South Carolina's mink population, once abundant, declined dramatically about half a century ago, with various forms of pollution thought to be at least one cause, since mink are highly susceptible to environmental contaminants. A recent paper by Buddy Baker and Jay Butfiloski, former and current manager, respectively, of the S.C Department of Natural Resources' Furbearer Project, cited widespread reports from trappers in the 1980s and '90s that mink were "rare or absent from areas of former abundance even though the habitat is seemingly intact."

Since 1999, a DNR restocking effort has aimed at restoring the mink population along the coast north of Charleston, where mink have essentially been absent for decades. The stocked minks were moved from coastal areas south of Charleston, where their populations have remained strong, after an initial attempt to relocate them from Louisiana.

"They're fairly high strung and don't like to be constrained for long periods of time," says Butfiloski, "and we realized to make it work we were going to have to catch them in South Carolina." Every attempt is made to have them transferred within twelve hours, he adds.

The program has restocked 220 mink, with enough success that the area first restocked—in the vicinity of Cape Romain National Wildlife Refuge near McClellanville—has now become the source of mink for other restocking efforts in the Little River and Hog Inlet areas.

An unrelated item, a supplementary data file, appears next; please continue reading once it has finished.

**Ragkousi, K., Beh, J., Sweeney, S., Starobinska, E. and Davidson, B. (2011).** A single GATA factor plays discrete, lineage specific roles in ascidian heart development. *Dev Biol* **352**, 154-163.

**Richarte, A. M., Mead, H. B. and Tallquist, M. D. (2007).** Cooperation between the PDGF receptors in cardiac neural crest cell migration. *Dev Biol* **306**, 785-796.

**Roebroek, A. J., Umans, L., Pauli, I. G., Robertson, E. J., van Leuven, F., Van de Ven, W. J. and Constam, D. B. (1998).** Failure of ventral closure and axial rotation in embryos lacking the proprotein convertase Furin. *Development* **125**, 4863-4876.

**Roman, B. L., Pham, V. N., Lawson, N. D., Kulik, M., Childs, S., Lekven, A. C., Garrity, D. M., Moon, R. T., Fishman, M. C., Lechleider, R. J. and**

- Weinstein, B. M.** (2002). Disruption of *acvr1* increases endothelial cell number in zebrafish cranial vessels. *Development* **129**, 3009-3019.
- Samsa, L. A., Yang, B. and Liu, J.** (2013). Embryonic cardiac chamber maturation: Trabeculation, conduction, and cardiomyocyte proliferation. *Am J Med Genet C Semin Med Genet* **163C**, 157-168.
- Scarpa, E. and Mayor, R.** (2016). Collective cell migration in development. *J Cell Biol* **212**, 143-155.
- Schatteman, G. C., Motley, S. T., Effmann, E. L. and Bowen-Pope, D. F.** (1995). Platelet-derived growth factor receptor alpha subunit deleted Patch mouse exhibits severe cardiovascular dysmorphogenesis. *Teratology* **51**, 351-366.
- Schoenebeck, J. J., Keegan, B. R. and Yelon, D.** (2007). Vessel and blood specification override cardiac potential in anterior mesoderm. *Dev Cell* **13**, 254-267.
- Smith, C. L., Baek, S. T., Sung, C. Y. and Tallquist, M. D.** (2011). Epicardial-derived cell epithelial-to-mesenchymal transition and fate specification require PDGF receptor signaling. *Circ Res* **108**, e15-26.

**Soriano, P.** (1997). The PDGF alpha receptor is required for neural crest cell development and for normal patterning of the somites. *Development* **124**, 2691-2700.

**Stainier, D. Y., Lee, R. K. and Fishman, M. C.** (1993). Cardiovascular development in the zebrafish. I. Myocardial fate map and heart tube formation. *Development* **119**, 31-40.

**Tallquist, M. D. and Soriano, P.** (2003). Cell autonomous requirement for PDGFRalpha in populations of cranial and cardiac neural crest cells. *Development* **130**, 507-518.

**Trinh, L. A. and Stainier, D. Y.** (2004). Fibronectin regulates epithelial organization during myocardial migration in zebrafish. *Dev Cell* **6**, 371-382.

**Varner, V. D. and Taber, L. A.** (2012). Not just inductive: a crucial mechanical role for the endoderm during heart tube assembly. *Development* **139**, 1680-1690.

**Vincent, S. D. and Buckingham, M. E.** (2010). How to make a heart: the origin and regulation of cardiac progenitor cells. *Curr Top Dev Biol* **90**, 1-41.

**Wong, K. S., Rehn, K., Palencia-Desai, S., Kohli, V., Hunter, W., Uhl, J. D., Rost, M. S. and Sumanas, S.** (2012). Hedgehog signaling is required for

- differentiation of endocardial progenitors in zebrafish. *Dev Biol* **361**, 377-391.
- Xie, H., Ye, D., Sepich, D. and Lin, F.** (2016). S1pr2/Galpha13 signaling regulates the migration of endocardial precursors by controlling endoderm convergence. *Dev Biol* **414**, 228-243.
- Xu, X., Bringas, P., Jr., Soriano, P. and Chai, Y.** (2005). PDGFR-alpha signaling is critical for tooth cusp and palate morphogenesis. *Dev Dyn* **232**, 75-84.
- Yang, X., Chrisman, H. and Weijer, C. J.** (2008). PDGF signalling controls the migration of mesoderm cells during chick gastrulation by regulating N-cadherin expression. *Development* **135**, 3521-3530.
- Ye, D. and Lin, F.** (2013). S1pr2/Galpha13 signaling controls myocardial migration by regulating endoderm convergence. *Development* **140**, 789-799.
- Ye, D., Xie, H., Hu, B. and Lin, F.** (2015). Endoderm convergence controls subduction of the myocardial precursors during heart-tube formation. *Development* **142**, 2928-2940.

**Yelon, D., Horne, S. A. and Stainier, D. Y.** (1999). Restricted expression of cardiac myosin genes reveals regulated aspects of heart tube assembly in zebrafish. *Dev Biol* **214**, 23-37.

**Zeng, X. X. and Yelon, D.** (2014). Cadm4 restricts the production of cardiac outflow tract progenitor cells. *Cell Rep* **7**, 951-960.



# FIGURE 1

"These are the first we’ve caught north of Charleston and moved," Butfiloski says. "It works out really well because we don’t have that long haul—bringing them all the way up the state from the marshes around Hilton Head or Edisto."

Mink numbers remain stable along the southern coast and through the Piedmont region, although trapping in the state remains well off historic highs. Since 1990, the average annual number of mink taken statewide by trappers is under twenty.

Mink are active mainly at night, especially near dusk and dawn, and spend most of their time feeding. They have excellent vision, hearing and smell and are aggressive predators, supplementing a diet of fish with crayfish, salamanders, frogs, crabs, rabbits, squirrels, muskrats, young birds, mice, ducks and chipmunks.

Mink are fearless in defending themselves from predators that include bobcats, foxes, coyotes, great horned owls, dogs and alligators, none of which are serious threats to their population. Many are hit by cars, but development and wetland destruction are the prime threats, as they are for many other species.

Still, the signs are positive at the moment, given the efforts of the Furbearer Project to bring them back in areas that haven't seen them for a while. It's a scenario that is thrilling quite a few wildlife watchers. One is Henry Lemon, a Charleston pediatrician and avid outdoorsman, who dropped an e-mail to DNR Marine Resources Division Deputy Director Robert Boyles about a recent encounter.

"I saw a mink (my first sighting ever) last evening around sunset along a stretch of marshy shell bank along the Intracoastal Waterway between Dewees and Capers Inlet," he wrote. "I've fished for over twenty years in Charleston and thought I'd seen it all—but that brief glimpse of a mink was one to remember. If you know the folks who've been restocking them, tell them 'Thank you!' "

Dr. Lemon, you just did.

—Rob Simbeck

Rob Simbeck is an award-winning free-lance writer living in Nashville, Tennessee.

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© 2009 South Carolina Wildlife Magazine, November - December 2009 - www.scwildlife.com